Bernie could sell historical footage but it'd probably give him peanuts compared to what he gets from all those wanting to host/advertise/transmit grand prix's, so he doesn't bother. The broadcasters could provide current footage on the internet because that's how Bernie sells the rights to them - he doesn't sell the tv rights per se, he just sells the rights to transmit his product and the method through which it's transmitted to the receivers is the broadcasters' matter - they just think the internet isn't a profitable enough platform even as a supplementary element to the television stuff they give us.

All the limiting and removing of internet footage results from this unspecified - as far as the method of transmission is concerned - nature of the contracts between Bernie and the broadcasters. He guarantees them exclusive rights to the F1 footage on all media platforms to the point that it's even written on the tickets that you automatically assign copyright in any photographs or recordings you make during the event to FOA.

This is all pretty reasonable, and probably doesn't go far enough.

The people here who want to see more of F1 are precisely the ones who will pay more to see it. F1 is like all sport, ephemeral. Once it's done, it's done. For 99% of the audience, that's it, unless there's a decent (short) highlights package. They won't go and find it on the internet once they know the result. They ecrtainly won't wait until 12:57 to see Vettel's nose wobble a millimetre or two. They won't spend the time to see (or care!) whether Hamilton or Alonso took the better lines into a corner, or whether Raikkonen (WHO!?!) deserved his win after coming out of retirement (never realised he'd started, let alone retired. Where's he from?)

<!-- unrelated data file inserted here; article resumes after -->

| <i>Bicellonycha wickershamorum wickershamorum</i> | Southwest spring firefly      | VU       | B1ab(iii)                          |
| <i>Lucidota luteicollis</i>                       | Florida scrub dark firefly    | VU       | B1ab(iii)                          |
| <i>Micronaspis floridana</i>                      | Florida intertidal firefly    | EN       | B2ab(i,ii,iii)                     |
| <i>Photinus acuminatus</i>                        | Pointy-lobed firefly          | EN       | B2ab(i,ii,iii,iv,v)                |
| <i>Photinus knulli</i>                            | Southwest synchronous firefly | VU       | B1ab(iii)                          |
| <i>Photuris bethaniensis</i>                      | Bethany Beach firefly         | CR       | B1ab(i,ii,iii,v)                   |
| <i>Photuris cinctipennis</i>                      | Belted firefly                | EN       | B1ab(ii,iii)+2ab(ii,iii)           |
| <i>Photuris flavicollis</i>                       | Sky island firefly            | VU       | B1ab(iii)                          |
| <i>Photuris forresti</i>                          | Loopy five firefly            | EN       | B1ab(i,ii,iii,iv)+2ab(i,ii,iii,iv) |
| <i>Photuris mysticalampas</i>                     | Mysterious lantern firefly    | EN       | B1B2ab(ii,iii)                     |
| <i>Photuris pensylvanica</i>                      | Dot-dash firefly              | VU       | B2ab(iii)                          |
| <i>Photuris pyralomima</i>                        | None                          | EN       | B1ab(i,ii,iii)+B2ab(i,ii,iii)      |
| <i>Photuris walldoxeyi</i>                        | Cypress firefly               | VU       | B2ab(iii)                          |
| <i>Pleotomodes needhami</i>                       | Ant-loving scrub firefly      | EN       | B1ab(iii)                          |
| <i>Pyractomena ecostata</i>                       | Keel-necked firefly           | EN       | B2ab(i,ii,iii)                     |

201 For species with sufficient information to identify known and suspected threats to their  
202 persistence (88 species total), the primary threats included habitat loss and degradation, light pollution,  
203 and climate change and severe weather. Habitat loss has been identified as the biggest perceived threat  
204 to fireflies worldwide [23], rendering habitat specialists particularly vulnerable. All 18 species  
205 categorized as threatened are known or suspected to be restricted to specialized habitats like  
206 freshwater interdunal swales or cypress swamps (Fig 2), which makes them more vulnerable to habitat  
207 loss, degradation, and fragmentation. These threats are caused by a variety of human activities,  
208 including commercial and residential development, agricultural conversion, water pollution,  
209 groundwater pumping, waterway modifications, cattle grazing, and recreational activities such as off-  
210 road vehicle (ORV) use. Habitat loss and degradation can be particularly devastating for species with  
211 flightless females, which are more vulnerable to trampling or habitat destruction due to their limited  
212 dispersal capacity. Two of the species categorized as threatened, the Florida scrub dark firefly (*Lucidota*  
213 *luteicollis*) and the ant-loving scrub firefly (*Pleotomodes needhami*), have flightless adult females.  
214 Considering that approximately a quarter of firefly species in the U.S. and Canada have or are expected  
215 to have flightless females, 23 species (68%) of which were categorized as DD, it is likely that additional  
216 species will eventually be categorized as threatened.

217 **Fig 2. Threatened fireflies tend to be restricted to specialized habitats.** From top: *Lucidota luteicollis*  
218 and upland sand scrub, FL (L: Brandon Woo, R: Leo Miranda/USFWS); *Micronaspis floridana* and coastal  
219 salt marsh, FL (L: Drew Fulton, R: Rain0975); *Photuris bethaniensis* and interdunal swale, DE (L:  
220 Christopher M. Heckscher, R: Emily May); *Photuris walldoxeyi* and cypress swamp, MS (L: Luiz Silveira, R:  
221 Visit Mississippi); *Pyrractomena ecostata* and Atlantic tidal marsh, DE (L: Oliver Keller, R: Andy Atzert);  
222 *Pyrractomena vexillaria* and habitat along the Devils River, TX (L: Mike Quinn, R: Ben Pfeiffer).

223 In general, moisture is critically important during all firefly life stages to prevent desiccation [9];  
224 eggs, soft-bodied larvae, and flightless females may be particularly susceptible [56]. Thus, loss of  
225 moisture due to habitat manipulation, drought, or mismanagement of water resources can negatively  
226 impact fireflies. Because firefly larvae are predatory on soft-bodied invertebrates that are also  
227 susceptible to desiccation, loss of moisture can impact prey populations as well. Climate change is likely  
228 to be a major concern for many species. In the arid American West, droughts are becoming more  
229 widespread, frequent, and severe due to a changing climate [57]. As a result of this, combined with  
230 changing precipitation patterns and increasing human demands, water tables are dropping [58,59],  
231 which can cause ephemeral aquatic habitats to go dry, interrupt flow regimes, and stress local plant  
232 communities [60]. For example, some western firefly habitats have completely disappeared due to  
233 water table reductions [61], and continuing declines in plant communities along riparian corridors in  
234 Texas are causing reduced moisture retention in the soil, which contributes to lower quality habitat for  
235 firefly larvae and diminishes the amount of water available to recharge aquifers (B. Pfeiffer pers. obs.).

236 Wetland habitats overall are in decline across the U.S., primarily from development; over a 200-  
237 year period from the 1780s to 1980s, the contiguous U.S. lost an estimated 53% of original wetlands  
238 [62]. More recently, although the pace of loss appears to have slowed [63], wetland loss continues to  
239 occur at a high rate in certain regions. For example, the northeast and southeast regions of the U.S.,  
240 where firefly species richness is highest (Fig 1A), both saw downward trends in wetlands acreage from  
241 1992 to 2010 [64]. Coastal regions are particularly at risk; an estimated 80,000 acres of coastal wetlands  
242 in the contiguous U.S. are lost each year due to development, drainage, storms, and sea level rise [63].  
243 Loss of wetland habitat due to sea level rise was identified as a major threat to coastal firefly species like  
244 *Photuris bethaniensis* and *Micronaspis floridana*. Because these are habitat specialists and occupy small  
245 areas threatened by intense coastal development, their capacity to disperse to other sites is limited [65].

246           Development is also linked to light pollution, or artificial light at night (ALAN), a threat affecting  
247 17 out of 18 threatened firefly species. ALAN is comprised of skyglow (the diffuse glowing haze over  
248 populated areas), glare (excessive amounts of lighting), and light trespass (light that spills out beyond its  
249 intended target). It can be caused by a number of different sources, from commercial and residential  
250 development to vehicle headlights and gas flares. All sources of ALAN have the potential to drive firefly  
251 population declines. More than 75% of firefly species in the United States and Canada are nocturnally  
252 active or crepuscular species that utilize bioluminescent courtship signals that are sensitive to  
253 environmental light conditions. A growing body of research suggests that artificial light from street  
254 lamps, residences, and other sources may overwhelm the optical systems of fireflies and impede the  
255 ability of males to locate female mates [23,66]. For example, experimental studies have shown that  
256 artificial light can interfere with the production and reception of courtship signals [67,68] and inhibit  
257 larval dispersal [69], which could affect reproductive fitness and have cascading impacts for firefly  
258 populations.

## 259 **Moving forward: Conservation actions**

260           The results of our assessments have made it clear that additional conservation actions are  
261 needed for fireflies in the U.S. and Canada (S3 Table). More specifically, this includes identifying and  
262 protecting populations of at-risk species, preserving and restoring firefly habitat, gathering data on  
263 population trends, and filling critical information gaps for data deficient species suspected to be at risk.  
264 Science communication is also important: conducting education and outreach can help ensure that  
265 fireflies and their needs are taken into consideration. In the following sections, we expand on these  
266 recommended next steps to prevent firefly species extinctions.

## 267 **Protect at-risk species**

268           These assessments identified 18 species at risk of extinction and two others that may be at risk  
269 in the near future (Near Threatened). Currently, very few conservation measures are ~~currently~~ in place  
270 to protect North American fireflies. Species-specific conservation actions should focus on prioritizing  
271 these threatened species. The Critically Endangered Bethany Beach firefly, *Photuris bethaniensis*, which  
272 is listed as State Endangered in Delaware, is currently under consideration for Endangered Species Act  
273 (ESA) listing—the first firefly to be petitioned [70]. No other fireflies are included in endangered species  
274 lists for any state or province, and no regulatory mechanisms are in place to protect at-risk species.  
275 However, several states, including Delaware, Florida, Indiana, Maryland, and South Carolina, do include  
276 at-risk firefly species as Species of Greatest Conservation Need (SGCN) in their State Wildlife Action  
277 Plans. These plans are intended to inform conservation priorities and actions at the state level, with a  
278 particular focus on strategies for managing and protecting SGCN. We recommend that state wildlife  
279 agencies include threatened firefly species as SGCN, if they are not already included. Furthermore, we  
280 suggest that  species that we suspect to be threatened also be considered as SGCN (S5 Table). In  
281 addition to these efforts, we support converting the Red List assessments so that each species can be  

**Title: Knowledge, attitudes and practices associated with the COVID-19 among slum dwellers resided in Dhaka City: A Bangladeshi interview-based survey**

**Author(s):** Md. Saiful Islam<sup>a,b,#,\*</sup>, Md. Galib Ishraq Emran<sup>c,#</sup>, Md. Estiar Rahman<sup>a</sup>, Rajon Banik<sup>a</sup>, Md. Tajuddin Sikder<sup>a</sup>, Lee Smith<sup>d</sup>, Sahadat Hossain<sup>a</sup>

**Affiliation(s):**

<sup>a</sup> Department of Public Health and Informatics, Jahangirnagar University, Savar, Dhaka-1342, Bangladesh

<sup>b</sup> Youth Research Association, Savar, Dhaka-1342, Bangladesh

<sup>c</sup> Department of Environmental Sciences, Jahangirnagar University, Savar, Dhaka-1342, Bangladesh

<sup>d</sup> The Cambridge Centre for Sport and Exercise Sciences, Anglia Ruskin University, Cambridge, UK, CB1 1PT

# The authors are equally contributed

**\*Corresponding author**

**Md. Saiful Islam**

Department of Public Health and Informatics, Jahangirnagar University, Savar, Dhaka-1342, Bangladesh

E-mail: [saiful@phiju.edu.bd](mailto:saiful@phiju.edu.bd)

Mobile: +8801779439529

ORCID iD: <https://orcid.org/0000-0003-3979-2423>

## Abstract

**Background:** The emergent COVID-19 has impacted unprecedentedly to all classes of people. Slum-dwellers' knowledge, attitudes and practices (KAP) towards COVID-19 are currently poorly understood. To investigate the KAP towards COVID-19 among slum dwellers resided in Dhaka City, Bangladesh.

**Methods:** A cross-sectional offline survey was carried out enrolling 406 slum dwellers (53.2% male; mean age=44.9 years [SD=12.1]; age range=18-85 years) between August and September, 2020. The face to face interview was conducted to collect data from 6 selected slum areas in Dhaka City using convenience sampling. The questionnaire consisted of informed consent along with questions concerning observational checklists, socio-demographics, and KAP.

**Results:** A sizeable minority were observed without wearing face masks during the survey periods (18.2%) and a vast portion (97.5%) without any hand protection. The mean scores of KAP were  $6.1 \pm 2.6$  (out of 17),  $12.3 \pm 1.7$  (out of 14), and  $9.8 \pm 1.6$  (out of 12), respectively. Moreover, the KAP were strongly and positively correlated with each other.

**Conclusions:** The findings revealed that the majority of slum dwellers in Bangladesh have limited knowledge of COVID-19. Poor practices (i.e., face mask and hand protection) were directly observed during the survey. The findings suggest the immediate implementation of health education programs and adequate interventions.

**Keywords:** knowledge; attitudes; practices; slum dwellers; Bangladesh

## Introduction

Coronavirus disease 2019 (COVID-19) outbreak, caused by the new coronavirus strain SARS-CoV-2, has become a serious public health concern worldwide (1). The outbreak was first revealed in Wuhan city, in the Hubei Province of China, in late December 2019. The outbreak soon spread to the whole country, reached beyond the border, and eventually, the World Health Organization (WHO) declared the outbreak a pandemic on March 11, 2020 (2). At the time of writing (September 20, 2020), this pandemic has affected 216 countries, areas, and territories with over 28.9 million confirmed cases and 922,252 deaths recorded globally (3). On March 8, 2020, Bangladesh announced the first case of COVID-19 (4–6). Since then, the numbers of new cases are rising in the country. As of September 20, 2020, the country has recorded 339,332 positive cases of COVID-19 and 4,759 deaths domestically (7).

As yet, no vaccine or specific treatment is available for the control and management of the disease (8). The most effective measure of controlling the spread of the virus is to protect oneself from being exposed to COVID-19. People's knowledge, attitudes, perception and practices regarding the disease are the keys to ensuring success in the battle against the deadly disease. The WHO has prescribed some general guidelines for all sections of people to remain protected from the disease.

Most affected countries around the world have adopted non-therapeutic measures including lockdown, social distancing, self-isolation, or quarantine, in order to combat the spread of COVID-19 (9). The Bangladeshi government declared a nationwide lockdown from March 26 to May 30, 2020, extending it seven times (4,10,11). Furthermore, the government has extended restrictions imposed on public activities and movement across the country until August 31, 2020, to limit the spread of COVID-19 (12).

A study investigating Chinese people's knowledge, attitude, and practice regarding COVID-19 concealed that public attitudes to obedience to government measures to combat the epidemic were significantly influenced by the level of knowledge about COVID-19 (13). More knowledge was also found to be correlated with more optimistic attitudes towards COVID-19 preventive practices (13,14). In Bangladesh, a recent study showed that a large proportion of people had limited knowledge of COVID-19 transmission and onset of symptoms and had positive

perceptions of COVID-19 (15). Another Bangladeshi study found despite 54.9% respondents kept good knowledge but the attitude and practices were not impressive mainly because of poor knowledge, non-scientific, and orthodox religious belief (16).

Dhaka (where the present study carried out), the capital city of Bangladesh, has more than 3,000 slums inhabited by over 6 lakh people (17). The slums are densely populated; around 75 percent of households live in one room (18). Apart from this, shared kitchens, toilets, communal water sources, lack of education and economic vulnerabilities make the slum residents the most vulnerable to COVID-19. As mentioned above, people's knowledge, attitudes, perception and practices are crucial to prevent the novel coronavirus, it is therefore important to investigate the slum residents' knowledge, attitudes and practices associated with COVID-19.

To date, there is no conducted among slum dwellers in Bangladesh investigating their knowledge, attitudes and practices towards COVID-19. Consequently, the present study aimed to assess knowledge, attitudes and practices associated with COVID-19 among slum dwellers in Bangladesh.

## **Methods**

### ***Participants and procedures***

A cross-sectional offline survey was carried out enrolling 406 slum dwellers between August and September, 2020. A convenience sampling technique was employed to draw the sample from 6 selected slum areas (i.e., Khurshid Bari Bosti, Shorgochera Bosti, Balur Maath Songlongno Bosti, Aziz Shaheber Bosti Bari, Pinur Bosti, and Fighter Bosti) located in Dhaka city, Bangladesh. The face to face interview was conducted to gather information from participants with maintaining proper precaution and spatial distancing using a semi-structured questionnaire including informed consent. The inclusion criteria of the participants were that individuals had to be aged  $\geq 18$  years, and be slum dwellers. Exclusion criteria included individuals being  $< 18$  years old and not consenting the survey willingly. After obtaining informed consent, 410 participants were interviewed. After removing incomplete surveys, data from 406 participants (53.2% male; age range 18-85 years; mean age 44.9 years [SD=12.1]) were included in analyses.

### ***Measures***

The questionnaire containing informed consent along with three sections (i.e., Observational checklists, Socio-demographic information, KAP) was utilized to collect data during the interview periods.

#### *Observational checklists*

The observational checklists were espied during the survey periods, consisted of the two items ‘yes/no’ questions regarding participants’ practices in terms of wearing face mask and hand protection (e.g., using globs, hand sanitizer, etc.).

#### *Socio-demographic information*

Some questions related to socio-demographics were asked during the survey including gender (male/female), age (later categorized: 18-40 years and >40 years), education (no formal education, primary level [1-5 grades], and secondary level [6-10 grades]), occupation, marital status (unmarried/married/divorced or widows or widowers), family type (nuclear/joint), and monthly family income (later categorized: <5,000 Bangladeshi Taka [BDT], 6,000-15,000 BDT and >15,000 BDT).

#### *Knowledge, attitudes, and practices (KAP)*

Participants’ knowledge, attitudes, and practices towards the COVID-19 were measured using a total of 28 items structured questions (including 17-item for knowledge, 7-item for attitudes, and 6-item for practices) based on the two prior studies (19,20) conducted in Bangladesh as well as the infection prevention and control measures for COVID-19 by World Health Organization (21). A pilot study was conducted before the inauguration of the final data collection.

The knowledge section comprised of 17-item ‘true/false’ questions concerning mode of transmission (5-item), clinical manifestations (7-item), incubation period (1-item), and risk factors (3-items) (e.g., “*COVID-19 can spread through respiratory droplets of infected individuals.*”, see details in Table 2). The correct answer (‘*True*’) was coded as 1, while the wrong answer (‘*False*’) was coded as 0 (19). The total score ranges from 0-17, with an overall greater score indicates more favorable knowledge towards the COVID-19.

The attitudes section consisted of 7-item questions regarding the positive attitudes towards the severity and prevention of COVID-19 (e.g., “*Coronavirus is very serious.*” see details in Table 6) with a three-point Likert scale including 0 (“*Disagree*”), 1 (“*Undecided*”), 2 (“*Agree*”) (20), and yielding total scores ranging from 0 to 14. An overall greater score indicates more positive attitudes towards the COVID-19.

The basic point is, providing F1 highlights free benefits the people here, not the mass audience. And the people here (well, the more honourable amongst us) are the ones who will pay for content. So if nobody else cares, and we'll pay, why make it available for free?

Unless they could download it before it happened, which everyone would watch. But I reckon that's a way off yet.

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#80 Xpat

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Posted 17 November 2012 - 02:18

I wouldn't argue that anyone on YouTube is doing a better job than the TV broadcasters or even trying to produce quality content around F1.

There is no money in 30 second crash replay videos posted next to home videos of cats and babies.
YouTube is losing money each time you watch those kind of videos so its even in their interest for FOM to clear it up for them.


You've missed the point entirely.

Are they losing money when someone puts together a Best Passes of Fernando Alonso video and posts it on YouTube? Is it bad for CVC or F1 when someone puts together a Tumblr page dedicated to F1 photos or race clips? Or does all of that add to the excitement of the fan base and have the very real potential to expand it? Do the rights holders of the Twilight Films stamp out every video that pops up anywhere? No, because they understand that dedicated fans with a passion for the subject are their best (totally friggin free) advertisement.

There is a series of videos on YouTube put together by a guy with a passion for the US Space agency NASA. It is a good example of what someone with a passion can do. While the video he uses comes under fair use and there is no prohibition against using the NASA logo none of that is the real point. The point is that someone with a passion for the organization spent his time and his money (if any) to make a video that has 2 million views and it didn't cost NASA a dime.



Do they sell any video other than the year end review DVD's? Do they make a lot of money off of old race video? For the price of your email address they will let you look at 3 minute highlight videos of each race.

#81 oetzi

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Posted 17 November 2012 - 02:27

You've missed the point entirely.